In Tel Aviv, in a basement redolent with sawdust and varnish, is a workshop where violins played by Jewish victims of the Holocaust are lovingly restored.
Amnon Weinstein learned the art of violin making at the side of his father, Moshe, who was born in Vilnius, Lithuania, and worked with the newly established Israel Philharmonic Orchestra after he arrived in Israel in 1938. It was Moshe Weinstein who provided violins for young players such as Itzhak Perlman, Pinchas Zukerman, and Shlomo Mintz. Amnon went to Europe, where he was tutored by craftsmen like Étienne Vatelot of Paris and Gaetano and Pietro Sgarabotto Parma. Amnon took over his father’s shop the day Moshe died.
Amnon and the violinist Shlomo Mintz dreamed of finding the violins of Jewish musicians killed by the Nazis. They launched a radio appeal for people to come forward with stories about “Holocaust violins” with the aim of restoring the violins and hearing them played again. It was a way of honouring the memory of the musicians and artists who were lost.
In the post-1945 era, no musician in Israel was prepared to perform using an instrument made in Germany and so many of the instruments brought to Israel by musicians that had survived the Shoah ended up with Weinstein’s father. Most were run of the mill, some with Stars of David engraved on them, indicating that they had been used to play klezmer music. Weinstein’s father hoarded them and his son Amnon inherited them.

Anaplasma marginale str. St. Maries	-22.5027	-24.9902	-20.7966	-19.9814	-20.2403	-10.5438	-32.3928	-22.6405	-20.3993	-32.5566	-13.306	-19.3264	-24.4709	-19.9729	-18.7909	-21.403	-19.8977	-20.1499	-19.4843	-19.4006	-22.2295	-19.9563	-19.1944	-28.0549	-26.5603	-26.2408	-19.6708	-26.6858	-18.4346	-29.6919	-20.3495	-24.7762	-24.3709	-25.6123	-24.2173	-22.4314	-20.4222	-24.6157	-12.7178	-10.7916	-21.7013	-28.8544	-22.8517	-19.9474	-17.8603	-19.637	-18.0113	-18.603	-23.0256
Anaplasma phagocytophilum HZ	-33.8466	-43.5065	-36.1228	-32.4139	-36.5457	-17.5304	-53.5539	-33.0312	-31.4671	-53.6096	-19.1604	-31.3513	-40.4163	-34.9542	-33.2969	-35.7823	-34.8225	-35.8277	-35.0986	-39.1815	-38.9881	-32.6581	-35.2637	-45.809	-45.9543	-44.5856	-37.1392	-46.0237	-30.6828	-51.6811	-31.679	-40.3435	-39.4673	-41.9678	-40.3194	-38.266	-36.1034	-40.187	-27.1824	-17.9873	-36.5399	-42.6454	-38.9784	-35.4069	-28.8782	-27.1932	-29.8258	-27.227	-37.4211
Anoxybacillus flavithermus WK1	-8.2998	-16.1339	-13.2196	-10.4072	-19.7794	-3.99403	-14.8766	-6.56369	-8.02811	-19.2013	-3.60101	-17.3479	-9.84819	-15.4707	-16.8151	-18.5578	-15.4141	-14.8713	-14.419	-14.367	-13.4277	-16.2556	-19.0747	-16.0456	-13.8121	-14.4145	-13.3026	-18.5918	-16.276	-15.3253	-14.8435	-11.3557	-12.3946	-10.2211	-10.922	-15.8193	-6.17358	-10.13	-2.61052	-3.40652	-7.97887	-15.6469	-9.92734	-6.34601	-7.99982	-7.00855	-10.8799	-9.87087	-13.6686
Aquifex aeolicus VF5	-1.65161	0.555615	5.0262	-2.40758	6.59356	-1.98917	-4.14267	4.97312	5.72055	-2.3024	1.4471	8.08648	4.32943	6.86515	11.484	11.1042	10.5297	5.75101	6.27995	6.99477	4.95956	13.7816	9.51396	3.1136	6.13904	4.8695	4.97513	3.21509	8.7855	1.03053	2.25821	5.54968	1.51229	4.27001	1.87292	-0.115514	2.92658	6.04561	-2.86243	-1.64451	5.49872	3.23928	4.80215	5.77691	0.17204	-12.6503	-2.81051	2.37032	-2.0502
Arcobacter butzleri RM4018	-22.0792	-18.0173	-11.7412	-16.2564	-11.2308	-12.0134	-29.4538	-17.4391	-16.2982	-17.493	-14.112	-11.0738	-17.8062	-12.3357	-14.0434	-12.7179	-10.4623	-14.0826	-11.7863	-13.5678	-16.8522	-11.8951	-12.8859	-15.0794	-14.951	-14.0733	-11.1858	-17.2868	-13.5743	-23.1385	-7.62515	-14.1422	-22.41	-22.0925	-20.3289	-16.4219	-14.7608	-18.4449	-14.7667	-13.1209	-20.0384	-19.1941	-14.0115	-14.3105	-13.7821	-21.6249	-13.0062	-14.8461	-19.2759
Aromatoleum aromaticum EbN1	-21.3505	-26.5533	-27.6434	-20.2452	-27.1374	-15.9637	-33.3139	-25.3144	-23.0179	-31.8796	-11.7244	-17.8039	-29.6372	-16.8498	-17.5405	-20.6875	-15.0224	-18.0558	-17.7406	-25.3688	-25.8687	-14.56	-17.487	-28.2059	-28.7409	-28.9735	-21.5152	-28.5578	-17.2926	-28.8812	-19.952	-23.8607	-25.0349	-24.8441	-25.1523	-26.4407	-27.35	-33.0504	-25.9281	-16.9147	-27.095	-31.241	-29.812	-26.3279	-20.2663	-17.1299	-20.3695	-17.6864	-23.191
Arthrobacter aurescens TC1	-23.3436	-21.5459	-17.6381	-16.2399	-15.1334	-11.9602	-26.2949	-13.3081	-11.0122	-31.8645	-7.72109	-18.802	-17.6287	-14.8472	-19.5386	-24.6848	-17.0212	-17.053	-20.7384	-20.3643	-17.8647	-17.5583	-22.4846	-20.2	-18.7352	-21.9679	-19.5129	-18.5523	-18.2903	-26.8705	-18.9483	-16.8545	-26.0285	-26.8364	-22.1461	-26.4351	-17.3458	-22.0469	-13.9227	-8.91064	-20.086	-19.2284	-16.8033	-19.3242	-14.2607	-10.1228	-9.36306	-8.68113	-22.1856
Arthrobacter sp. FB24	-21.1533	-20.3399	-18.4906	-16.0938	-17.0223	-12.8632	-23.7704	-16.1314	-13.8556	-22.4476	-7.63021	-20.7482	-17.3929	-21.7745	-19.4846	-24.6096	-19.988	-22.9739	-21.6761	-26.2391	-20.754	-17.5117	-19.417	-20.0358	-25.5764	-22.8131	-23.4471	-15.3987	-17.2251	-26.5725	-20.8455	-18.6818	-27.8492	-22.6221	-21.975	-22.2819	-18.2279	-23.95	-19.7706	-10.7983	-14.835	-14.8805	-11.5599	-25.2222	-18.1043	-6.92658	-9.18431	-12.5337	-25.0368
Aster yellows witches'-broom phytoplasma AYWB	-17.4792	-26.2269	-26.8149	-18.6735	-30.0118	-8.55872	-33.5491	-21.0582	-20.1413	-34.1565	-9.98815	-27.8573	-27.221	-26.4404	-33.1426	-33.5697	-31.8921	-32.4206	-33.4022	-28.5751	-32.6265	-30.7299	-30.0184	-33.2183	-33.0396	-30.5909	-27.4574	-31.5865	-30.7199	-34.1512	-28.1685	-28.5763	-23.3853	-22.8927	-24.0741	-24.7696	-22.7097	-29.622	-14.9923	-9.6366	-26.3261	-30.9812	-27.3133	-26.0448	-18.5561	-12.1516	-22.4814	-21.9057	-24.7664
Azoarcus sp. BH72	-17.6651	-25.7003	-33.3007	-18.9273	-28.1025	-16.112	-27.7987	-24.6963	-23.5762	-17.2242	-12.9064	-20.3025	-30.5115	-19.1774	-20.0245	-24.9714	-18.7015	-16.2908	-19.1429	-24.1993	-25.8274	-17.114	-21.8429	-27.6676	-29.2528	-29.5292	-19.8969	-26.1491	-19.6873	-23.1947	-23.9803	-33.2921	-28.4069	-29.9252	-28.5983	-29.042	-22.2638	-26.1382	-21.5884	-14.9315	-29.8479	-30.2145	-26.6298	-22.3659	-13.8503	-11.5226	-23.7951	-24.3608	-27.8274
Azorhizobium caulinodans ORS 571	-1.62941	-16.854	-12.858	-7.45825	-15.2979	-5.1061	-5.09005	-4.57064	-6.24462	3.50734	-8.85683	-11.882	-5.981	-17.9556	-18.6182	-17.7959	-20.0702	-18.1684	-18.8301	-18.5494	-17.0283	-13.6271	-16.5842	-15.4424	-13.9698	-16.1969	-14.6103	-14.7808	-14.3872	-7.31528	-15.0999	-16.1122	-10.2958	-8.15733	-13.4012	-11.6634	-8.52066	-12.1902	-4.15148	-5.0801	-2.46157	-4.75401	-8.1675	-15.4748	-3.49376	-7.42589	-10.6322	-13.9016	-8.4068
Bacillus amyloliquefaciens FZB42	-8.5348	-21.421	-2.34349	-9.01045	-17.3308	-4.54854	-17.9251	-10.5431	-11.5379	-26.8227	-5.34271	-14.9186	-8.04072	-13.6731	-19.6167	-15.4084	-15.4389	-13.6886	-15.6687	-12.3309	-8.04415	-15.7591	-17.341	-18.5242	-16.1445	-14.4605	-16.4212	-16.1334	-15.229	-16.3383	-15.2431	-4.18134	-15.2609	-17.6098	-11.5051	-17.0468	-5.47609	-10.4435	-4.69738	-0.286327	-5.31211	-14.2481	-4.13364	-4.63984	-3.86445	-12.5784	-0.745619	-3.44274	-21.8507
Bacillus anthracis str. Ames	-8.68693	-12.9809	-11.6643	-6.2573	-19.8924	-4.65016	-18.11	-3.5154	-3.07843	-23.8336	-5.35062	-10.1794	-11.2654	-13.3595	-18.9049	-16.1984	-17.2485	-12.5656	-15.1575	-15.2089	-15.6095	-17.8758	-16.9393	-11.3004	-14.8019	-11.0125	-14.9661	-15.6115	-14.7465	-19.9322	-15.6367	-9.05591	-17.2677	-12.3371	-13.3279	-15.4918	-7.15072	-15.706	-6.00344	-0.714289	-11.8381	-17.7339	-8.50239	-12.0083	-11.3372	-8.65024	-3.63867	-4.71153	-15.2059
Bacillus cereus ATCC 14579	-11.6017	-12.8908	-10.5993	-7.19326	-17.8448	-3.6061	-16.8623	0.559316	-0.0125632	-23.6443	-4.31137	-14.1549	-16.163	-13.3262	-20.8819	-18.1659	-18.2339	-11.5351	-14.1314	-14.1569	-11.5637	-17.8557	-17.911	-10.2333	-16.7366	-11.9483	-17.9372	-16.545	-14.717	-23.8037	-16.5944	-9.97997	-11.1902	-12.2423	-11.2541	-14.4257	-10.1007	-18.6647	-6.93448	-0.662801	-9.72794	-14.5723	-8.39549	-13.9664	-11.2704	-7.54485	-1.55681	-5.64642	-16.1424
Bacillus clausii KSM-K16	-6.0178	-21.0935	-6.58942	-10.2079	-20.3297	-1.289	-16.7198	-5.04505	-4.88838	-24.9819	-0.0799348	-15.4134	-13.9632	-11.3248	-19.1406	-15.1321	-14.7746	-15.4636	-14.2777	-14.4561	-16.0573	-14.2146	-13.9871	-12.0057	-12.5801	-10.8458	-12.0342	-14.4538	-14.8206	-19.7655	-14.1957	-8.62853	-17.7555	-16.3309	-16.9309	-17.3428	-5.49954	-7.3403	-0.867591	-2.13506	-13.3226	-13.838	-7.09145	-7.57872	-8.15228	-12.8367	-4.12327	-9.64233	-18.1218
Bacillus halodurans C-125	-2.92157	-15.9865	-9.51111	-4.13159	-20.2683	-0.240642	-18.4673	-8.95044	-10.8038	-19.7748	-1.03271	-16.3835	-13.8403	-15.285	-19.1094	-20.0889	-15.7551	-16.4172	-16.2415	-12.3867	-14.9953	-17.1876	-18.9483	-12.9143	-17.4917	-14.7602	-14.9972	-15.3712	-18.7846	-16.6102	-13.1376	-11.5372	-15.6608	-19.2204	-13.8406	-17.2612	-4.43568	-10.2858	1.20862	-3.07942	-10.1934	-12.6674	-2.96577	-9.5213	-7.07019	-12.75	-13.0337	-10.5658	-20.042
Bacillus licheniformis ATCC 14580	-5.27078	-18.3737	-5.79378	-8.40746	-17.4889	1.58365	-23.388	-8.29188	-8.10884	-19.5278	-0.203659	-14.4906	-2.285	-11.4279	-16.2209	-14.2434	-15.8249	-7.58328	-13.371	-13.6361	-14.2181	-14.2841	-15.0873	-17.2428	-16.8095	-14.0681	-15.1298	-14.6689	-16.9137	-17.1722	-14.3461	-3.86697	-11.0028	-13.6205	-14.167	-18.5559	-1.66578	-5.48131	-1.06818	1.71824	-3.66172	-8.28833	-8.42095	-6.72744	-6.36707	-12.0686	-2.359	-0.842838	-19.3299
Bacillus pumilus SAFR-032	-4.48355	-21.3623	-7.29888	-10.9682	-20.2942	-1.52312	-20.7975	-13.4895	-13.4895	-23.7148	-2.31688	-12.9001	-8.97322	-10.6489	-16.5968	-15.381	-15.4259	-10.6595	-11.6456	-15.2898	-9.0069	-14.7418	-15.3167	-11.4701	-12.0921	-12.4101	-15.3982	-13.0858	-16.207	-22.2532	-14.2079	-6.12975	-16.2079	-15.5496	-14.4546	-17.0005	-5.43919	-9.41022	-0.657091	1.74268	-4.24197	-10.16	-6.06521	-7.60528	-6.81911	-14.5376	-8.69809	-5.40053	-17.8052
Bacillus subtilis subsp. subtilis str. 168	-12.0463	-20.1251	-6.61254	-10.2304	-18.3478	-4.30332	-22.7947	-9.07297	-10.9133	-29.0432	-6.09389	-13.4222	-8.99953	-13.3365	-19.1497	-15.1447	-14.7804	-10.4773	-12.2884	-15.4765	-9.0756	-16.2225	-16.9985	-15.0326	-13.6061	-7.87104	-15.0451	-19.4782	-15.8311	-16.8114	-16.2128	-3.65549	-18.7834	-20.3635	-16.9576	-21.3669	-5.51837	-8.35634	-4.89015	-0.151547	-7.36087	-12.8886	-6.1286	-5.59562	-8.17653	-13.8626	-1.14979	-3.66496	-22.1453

Weinstein’s collection includes the violin of Motele. Having survived one massacre, Motele joined a group of Jewish partisans. By placing explosives in his violin case, Motele smuggled them into a German officers’ club. The attack was successful, but Motele was caught and shot. After the War, the commander of the partisans brought the instrument with him to Israel. Several of the other violins now in Weinstein’s possession were played in concentration camps. Together the collection is called “Violins of Hope.” They undergo careful restoration in Weinstein’s studio and from there proceed to concert halls.
“In that way they serve as a memorial to all those anonymous violinists who were murdered, and to all the klezmorim who created an extraordinary Jewish culture, and to the thousands of violins that the Nazis confiscated from the Jews,” says Weinstein.
On 27 January 2015 the Berlin Philharmonic played some of the “Violins of Hope” to mark Holocaust Memorial Day. The concert was also given in memory of Alma Rosé, niece of the composer Gustav Mahler, who led the “Girls Orchestra of Auschwitz”. Mainly amateur musicians, the ensemble included string players, accordions and a mandolin. It had to play at the camp’s main gate each morning and evening as the prisoners went to and from work assignments.
The cover of the printed program of the concert carried an image of a violin with strings of barbed wire, taken from James A. Grymes’ book Violins of Hope (2014) subtitled “Violins of the Holocaust – Instruments of Hope and Liberation in Mankind’s Darkest Hours.” The dedication reads: “We played music for sheer survival. We made music in hell.”